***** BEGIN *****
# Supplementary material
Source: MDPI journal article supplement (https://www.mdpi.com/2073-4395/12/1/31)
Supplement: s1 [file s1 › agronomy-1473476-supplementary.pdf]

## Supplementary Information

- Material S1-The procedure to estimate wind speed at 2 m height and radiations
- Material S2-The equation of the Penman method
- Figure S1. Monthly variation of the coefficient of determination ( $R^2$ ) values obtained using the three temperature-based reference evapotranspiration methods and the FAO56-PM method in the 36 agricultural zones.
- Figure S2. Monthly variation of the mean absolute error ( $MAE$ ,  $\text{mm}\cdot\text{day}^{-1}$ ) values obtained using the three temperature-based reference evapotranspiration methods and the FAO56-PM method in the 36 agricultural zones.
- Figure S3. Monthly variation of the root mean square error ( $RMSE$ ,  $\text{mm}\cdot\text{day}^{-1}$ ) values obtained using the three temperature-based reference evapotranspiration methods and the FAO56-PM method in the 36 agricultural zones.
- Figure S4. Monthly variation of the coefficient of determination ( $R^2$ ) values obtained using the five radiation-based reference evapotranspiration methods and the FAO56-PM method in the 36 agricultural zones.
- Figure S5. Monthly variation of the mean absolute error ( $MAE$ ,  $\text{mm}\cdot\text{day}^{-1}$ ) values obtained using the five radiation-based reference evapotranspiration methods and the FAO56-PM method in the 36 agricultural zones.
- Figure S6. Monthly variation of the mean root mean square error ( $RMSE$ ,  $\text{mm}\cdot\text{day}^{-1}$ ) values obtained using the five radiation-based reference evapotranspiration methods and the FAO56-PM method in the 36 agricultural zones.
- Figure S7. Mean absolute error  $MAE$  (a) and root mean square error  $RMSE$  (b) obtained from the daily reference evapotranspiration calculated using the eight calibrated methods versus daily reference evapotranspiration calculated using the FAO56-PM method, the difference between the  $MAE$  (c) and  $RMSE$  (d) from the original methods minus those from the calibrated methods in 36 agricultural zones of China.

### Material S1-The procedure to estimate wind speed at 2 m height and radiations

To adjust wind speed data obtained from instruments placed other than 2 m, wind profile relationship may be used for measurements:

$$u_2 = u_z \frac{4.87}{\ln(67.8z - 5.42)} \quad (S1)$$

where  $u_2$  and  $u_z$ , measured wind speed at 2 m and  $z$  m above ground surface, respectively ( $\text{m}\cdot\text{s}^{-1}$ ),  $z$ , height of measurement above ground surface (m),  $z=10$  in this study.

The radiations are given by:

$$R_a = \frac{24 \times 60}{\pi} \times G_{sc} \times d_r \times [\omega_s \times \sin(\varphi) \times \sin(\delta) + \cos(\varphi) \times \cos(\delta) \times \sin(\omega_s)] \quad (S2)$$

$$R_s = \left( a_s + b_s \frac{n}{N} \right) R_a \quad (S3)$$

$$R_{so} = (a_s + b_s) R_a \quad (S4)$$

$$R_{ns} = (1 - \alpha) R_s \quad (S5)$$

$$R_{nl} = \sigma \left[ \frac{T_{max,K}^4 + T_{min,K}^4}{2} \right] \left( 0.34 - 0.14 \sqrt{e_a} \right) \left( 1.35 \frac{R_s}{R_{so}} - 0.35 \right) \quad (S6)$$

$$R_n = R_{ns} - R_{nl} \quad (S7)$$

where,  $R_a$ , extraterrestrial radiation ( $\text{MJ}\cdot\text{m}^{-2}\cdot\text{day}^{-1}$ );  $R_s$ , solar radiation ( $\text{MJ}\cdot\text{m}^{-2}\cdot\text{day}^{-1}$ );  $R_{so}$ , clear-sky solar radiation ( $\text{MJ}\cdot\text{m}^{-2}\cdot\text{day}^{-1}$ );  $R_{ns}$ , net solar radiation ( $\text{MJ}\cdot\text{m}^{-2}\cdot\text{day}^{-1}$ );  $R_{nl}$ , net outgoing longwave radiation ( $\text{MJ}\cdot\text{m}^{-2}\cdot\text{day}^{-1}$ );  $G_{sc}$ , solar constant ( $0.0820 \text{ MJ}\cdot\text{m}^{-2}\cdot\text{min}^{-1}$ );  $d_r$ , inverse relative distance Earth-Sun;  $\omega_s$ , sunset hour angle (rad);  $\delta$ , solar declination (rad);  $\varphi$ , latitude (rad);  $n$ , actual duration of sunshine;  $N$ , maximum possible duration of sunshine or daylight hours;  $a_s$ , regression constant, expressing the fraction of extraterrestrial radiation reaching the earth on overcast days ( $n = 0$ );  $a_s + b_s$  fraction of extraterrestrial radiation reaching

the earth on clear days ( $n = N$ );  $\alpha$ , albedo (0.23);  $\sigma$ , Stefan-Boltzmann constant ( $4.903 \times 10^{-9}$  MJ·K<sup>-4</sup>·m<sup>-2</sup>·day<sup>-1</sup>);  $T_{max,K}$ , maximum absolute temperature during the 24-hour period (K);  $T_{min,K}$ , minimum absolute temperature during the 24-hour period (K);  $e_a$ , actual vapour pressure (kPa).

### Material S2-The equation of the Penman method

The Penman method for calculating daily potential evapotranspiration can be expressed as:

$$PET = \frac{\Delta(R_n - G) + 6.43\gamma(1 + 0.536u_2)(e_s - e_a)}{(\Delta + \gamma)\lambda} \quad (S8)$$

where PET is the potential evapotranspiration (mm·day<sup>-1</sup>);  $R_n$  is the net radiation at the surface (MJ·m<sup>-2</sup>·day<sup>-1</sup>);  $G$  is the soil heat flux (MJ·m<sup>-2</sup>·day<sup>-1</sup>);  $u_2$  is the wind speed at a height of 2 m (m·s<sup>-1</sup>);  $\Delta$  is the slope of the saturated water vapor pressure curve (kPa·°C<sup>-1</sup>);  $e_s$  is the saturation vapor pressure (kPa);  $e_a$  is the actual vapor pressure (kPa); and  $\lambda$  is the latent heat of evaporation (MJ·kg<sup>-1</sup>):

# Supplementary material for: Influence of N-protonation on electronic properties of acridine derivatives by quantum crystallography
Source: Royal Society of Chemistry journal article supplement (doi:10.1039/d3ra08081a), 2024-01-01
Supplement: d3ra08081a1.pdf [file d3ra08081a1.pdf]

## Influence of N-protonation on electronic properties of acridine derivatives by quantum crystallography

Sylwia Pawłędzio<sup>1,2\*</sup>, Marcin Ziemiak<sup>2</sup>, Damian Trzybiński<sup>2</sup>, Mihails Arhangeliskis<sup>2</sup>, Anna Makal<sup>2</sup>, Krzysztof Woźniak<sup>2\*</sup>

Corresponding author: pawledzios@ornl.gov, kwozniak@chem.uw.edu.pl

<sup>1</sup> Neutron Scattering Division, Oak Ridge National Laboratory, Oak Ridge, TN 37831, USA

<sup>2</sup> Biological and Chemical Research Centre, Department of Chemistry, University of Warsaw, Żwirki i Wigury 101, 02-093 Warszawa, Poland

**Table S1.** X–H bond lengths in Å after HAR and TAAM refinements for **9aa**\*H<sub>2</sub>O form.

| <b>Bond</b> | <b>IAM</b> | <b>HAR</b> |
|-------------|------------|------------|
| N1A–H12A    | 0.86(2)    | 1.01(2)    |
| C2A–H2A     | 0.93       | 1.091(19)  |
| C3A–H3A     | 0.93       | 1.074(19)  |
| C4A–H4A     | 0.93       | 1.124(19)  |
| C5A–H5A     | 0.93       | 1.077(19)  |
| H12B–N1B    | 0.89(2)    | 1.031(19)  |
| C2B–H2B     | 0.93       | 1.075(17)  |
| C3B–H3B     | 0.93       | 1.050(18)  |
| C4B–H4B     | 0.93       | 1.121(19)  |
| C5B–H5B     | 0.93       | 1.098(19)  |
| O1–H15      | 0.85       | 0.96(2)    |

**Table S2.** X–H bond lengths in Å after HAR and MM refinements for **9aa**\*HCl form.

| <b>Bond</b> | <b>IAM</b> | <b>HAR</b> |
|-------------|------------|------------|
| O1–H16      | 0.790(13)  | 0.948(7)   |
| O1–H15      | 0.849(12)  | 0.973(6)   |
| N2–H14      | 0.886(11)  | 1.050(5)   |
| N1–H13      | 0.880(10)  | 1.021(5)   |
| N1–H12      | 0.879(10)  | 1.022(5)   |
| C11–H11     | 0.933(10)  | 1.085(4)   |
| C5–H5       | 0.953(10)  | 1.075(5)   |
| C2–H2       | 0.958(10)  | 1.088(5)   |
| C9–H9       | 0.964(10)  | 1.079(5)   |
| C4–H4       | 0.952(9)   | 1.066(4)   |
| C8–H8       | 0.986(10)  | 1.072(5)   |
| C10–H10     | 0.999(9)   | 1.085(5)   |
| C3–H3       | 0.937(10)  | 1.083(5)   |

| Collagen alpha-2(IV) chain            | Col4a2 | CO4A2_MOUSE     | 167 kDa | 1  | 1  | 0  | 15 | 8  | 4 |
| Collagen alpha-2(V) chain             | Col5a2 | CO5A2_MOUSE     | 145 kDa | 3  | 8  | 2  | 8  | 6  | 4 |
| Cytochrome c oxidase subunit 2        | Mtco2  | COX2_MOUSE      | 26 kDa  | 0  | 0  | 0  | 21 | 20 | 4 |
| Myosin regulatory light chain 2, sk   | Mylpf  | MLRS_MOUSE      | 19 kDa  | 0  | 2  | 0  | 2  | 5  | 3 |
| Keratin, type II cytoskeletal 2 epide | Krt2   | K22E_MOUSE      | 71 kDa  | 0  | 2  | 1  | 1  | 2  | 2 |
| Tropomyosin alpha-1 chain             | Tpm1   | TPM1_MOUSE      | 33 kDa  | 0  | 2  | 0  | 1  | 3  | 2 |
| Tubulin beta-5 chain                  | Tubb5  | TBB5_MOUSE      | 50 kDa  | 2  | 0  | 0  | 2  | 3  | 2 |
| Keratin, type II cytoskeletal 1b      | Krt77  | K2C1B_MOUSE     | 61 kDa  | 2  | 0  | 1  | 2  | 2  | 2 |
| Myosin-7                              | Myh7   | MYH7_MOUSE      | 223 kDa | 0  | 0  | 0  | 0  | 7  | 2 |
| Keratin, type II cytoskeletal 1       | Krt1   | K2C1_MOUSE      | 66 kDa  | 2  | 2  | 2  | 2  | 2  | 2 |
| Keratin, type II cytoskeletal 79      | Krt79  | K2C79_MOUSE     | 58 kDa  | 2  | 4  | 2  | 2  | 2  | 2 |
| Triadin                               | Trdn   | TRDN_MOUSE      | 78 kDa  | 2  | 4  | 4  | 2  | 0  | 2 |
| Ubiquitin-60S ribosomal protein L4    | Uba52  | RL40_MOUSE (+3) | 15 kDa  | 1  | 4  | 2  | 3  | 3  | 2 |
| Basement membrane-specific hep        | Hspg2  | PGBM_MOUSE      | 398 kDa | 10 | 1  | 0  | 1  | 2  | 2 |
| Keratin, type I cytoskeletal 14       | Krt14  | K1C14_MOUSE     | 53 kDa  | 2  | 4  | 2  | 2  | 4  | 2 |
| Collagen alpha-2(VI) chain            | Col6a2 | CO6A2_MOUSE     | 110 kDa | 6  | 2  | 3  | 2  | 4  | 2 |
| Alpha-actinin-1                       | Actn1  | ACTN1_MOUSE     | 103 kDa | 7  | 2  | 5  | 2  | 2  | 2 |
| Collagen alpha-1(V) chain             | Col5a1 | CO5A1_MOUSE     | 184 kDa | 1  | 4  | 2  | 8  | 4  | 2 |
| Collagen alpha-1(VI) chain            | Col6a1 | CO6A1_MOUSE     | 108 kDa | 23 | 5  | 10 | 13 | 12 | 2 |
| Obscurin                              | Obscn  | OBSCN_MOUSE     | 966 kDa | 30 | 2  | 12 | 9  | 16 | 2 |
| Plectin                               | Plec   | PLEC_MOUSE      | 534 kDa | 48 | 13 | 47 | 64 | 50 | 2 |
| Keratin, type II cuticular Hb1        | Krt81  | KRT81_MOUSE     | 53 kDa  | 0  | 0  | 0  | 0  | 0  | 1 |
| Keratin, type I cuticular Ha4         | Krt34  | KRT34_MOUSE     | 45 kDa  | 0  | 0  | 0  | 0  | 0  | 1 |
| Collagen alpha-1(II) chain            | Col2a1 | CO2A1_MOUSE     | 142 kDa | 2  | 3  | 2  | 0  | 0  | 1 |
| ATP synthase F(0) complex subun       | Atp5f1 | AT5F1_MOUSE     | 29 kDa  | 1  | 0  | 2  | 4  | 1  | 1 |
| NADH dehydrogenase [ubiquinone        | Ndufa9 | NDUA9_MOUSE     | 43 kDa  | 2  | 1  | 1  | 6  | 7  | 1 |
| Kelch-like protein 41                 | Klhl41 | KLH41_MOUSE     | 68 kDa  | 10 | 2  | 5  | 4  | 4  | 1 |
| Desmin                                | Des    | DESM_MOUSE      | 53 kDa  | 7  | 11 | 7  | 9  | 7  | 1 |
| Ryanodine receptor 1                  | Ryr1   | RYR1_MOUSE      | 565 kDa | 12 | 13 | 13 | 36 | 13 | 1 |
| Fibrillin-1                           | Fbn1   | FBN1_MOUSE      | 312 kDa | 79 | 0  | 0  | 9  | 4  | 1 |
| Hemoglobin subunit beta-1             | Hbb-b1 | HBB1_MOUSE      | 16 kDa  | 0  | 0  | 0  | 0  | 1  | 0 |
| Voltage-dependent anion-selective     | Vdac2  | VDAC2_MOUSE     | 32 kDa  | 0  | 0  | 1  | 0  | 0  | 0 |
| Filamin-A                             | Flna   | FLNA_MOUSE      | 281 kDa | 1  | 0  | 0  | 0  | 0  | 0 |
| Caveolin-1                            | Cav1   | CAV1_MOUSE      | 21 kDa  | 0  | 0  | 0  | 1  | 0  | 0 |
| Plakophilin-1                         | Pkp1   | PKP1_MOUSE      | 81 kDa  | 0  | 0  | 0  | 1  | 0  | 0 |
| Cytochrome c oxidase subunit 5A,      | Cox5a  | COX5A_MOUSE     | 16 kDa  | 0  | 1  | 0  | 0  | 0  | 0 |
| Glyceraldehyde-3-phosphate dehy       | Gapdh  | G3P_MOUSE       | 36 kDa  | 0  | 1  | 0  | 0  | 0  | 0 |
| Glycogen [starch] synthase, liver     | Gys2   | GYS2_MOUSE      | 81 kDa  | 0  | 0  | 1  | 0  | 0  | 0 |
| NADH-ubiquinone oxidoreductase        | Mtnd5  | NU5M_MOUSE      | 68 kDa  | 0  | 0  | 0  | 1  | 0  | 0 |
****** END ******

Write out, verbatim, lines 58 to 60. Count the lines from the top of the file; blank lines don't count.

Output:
| N2–H14      | 0.886(11)  | 1.050(5)   |
| N1–H13      | 0.880(10)  | 1.021(5)   |
| N1–H12      | 0.879(10)  | 1.022(5)   |